"Gridlock" is a word Americans have gotten quite used to hearing in relation to politics over the last several years. Recent headlines show fears that gridlock will affect the stock market, make it harder to catch financial criminals, and shut down the government.
Partisan gridlock is the top reason Americans are critical of Congress, according to Gallup data published earlier this year, and the 113th Congress has a higher disapproval rating than any of its predecessors.
Despite rampant dissatisfaction and disapproval with the way congressional representatives are behaving, there is no evidence to suggest there will be change any time soon. As of July 12, only 15 bills had passed through Congress to reach President Obama's desk this year. By contrast, in 2005, George W. Bush signed 13 bills into law on July 12, 2005, alone.
So why are members of Congress sticking to their guns rather than learning to compromise? For starters, there might not be much financial motivation to get things done. Regardless of how many bills get passed, salaries for congressional leaders start at around $174,000 a year -- though some don't think that's high enough.
Additionally, factions within the main parties may be stymieing those who like to compromise. On issues where moderate Republicans might find common ground with Democrats, for instance, tea party representatives may draw a hard line.
But while gridlock may benefit those who wish to keep the status quo, it's only harmful in the long run, according to Paul Ferber, a professor of political science at the Rochester Institute of Technology.
"It would seem to increase voter distrust of both parties, and the political system in general," he said. "Creating more voter cynics hardly seems to benefit both parties."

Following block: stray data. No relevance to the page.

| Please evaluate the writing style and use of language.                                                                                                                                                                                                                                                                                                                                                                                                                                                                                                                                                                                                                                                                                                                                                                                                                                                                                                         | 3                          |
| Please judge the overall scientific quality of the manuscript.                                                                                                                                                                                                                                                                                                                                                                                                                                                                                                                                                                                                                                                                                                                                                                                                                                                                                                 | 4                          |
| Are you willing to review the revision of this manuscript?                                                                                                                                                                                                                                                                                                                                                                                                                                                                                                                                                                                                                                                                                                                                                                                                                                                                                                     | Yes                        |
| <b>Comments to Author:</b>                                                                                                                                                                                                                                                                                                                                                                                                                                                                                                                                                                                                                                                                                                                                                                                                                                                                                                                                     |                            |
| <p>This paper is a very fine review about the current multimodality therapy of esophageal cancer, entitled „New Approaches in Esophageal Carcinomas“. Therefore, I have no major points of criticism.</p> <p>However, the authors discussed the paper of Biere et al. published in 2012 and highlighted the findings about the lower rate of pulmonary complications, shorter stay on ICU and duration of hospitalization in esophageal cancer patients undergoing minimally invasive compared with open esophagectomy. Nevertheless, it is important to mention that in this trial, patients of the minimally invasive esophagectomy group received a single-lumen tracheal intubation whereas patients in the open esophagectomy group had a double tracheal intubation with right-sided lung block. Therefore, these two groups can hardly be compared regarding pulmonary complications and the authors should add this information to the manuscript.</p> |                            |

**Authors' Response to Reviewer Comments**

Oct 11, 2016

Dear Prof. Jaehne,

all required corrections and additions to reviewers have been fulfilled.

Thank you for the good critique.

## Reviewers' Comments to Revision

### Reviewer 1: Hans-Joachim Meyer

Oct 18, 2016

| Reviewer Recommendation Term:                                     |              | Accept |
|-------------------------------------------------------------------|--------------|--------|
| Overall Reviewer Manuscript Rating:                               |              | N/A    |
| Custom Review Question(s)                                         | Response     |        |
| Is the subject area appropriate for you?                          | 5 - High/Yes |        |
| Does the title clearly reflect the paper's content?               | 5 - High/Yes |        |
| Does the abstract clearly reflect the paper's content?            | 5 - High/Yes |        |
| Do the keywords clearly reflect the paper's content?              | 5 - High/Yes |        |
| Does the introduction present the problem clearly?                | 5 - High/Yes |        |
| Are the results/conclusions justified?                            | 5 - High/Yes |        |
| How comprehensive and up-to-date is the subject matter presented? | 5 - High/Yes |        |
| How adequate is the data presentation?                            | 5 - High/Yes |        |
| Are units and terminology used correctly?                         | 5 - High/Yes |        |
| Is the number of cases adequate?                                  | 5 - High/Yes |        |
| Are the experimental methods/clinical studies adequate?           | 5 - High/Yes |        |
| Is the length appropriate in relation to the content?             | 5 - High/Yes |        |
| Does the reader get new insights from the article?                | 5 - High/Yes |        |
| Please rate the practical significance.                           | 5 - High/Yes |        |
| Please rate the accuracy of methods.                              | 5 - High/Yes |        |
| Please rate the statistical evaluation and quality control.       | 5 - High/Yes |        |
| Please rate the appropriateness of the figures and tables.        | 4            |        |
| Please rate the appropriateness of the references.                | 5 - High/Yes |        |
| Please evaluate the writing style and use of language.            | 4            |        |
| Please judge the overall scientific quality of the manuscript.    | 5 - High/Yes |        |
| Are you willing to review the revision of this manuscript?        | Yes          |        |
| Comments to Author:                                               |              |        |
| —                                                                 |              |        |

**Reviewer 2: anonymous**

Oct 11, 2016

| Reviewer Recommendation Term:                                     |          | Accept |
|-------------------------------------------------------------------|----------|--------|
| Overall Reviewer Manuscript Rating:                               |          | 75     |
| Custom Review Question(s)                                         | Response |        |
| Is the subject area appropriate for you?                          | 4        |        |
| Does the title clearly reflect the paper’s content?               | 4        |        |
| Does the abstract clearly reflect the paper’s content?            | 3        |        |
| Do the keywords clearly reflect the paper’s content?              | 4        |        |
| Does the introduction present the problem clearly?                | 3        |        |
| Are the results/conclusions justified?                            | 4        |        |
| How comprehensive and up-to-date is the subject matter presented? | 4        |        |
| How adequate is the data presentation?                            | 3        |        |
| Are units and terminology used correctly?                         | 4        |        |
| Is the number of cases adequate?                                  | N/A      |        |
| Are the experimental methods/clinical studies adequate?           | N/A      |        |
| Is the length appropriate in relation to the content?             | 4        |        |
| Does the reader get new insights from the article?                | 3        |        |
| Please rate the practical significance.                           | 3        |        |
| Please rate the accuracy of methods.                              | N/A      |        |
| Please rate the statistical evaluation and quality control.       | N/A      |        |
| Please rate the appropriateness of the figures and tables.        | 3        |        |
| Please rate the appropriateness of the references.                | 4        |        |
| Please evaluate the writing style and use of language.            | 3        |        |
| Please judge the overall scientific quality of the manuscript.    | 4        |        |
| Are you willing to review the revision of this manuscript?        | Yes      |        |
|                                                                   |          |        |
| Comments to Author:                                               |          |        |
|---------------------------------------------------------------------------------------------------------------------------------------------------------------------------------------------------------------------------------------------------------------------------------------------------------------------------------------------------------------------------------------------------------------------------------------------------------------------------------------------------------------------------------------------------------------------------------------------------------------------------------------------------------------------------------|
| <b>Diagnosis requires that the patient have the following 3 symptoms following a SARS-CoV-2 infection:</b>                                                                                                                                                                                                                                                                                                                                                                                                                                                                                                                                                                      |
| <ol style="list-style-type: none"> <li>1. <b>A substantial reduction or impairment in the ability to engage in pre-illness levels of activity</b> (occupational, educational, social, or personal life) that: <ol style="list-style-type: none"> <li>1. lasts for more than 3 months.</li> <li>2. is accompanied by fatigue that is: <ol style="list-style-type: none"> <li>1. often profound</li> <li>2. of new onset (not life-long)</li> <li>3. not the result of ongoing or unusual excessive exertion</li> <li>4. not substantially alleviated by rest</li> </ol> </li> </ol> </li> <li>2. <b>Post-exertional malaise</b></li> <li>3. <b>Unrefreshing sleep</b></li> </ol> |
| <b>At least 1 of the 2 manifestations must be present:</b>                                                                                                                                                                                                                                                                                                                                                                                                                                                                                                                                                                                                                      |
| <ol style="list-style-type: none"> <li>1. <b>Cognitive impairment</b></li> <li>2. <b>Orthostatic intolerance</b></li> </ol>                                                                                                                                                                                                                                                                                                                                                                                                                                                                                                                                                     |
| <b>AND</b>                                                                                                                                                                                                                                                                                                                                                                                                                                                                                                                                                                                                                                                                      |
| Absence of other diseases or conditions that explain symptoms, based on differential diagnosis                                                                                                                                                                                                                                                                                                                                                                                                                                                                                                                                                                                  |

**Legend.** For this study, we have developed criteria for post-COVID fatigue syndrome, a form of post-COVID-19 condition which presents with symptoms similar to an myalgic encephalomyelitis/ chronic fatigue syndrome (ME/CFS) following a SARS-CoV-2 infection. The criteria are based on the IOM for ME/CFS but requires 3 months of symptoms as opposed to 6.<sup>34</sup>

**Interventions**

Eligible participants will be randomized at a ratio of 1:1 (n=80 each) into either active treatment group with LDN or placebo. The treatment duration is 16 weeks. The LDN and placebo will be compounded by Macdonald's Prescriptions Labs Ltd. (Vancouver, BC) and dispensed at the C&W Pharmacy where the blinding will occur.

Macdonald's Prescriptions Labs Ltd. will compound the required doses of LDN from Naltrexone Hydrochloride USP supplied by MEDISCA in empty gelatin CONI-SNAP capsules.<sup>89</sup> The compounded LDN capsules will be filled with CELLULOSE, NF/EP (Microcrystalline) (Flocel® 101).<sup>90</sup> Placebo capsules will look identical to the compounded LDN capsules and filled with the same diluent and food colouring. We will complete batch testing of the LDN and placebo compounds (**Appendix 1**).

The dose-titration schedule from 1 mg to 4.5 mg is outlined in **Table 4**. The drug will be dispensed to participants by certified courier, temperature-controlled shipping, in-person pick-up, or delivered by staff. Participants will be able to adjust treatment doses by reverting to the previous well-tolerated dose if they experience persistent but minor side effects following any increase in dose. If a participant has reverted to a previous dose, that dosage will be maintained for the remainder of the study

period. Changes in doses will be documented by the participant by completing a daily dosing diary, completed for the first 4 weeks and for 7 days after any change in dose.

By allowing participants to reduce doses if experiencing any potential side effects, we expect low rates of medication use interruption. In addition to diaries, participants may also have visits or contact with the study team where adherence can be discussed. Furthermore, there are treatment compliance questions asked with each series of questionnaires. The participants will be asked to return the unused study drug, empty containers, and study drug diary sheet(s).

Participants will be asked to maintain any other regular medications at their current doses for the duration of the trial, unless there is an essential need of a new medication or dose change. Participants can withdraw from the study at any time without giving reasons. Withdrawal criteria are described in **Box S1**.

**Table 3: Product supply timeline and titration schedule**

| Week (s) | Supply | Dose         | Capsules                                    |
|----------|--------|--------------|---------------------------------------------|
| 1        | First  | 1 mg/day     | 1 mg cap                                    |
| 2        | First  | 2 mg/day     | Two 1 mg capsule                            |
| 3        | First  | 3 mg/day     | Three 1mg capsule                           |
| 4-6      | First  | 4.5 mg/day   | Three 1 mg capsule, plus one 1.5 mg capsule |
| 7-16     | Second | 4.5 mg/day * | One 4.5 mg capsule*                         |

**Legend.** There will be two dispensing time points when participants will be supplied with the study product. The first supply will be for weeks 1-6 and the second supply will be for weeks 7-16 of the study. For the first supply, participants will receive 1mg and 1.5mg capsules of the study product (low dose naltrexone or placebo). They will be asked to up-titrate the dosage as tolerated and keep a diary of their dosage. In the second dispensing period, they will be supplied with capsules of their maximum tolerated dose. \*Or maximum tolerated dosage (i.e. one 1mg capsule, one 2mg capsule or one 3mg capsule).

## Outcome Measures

Ferber went on to say that gridlock could benefit one party or the other for short periods of time, but not both parties at once.
"Gridlock does provide an opportunity for each party to try to convince the voters that the other party is responsible for it," he said. "The party that plays the blame game best might get an advantage in the next election."
If that's the strategy at work here, it seems to be backfiring. A recent poll from the University of Quinnipiac showed that 64 percent of Americans blame both parties for gridlock, while 23 percent blame the GOP and 10 percent blame Democrats.
But it's not clear whether some of the most stubborn representatives are even thinking that far ahead. Many instances of gridlock seem to come about simply because members of Congress put their ideological positions ahead of their job of running a functional government.
It's very difficult -- near impossible, even -- to have a productive discussion with someone who is firmly convinced that he or she is in the right, and that anyone who disagrees is wrong. When such a person is responsible for running a country, everyone in that country has to suffer for that bullheadedness.